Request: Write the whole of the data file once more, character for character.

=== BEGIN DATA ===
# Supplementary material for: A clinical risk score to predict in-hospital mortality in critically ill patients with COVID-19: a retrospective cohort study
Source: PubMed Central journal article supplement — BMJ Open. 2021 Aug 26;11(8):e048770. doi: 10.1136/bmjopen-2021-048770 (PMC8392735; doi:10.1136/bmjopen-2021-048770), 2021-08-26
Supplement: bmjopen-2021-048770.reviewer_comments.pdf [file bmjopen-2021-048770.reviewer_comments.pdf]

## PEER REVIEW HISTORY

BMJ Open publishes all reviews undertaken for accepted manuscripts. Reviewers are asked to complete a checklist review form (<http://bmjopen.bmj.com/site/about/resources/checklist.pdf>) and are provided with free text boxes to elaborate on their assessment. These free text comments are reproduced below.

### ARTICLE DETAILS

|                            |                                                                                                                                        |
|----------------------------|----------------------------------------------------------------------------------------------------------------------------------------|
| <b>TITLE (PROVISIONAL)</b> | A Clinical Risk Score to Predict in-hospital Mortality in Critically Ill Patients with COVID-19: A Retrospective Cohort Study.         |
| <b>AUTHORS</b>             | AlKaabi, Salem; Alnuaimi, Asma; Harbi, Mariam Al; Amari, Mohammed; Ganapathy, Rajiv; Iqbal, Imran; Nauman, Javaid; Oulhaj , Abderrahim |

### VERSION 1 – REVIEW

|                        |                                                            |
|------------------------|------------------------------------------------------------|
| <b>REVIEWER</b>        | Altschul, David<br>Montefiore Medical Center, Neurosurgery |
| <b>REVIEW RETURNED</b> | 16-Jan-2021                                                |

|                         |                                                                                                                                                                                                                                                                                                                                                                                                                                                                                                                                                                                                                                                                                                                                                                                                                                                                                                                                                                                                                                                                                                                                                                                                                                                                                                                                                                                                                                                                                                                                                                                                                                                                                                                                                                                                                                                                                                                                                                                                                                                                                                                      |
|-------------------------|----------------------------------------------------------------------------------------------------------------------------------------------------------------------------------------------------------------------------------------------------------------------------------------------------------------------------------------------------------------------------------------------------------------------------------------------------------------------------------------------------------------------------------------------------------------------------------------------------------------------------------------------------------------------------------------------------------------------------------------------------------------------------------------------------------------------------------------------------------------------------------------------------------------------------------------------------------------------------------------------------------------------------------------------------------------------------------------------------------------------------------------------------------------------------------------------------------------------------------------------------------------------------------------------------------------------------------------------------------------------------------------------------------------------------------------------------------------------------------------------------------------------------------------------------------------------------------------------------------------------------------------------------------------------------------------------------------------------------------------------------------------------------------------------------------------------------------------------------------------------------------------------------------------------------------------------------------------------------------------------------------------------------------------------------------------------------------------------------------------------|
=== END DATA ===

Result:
# Supplementary material for: A clinical risk score to predict in-hospital mortality in critically ill patients with COVID-19: a retrospective cohort study
Source: PubMed Central journal article supplement — BMJ Open. 2021 Aug 26;11(8):e048770. doi: 10.1136/bmjopen-2021-048770 (PMC8392735; doi:10.1136/bmjopen-2021-048770), 2021-08-26
Supplement: bmjopen-2021-048770.reviewer_comments.pdf [file bmjopen-2021-048770.reviewer_comments.pdf]

## PEER REVIEW HISTORY

BMJ Open publishes all reviews undertaken for accepted manuscripts. Reviewers are asked to complete a checklist review form (<http://bmjopen.bmj.com/site/about/resources/checklist.pdf>) and are provided with free text boxes to elaborate on their assessment. These free text comments are reproduced below.

### ARTICLE DETAILS

|                            |                                                                                                                                        |
|----------------------------|----------------------------------------------------------------------------------------------------------------------------------------|
| <b>TITLE (PROVISIONAL)</b> | A Clinical Risk Score to Predict in-hospital Mortality in Critically Ill Patients with COVID-19: A Retrospective Cohort Study.         |
| <b>AUTHORS</b>             | AlKaabi, Salem; Alnuaimi, Asma; Harbi, Mariam Al; Amari, Mohammed; Ganapathy, Rajiv; Iqbal, Imran; Nauman, Javaid; Oulhaj , Abderrahim |

### VERSION 1 – REVIEW

|                        |                                                            |
|------------------------|------------------------------------------------------------|
| <b>REVIEWER</b>        | Altschul, David<br>Montefiore Medical Center, Neurosurgery |
| <b>REVIEW RETURNED</b> | 16-Jan-2021                                                |

|                         |                                                                                                                                                                                                                                                                                                                                                                                                                                                                                                                                                                                                                                                                                                                                                                                                                                                                                                                                                                                                                                                                                                                                                                                                                                                                                                                                                                                                                                                                                                                                                                                                                                                                                                                                                                                                                                                                                                                                                                                                                                                                                                                      |
|-------------------------|----------------------------------------------------------------------------------------------------------------------------------------------------------------------------------------------------------------------------------------------------------------------------------------------------------------------------------------------------------------------------------------------------------------------------------------------------------------------------------------------------------------------------------------------------------------------------------------------------------------------------------------------------------------------------------------------------------------------------------------------------------------------------------------------------------------------------------------------------------------------------------------------------------------------------------------------------------------------------------------------------------------------------------------------------------------------------------------------------------------------------------------------------------------------------------------------------------------------------------------------------------------------------------------------------------------------------------------------------------------------------------------------------------------------------------------------------------------------------------------------------------------------------------------------------------------------------------------------------------------------------------------------------------------------------------------------------------------------------------------------------------------------------------------------------------------------------------------------------------------------------------------------------------------------------------------------------------------------------------------------------------------------------------------------------------------------------------------------------------------------|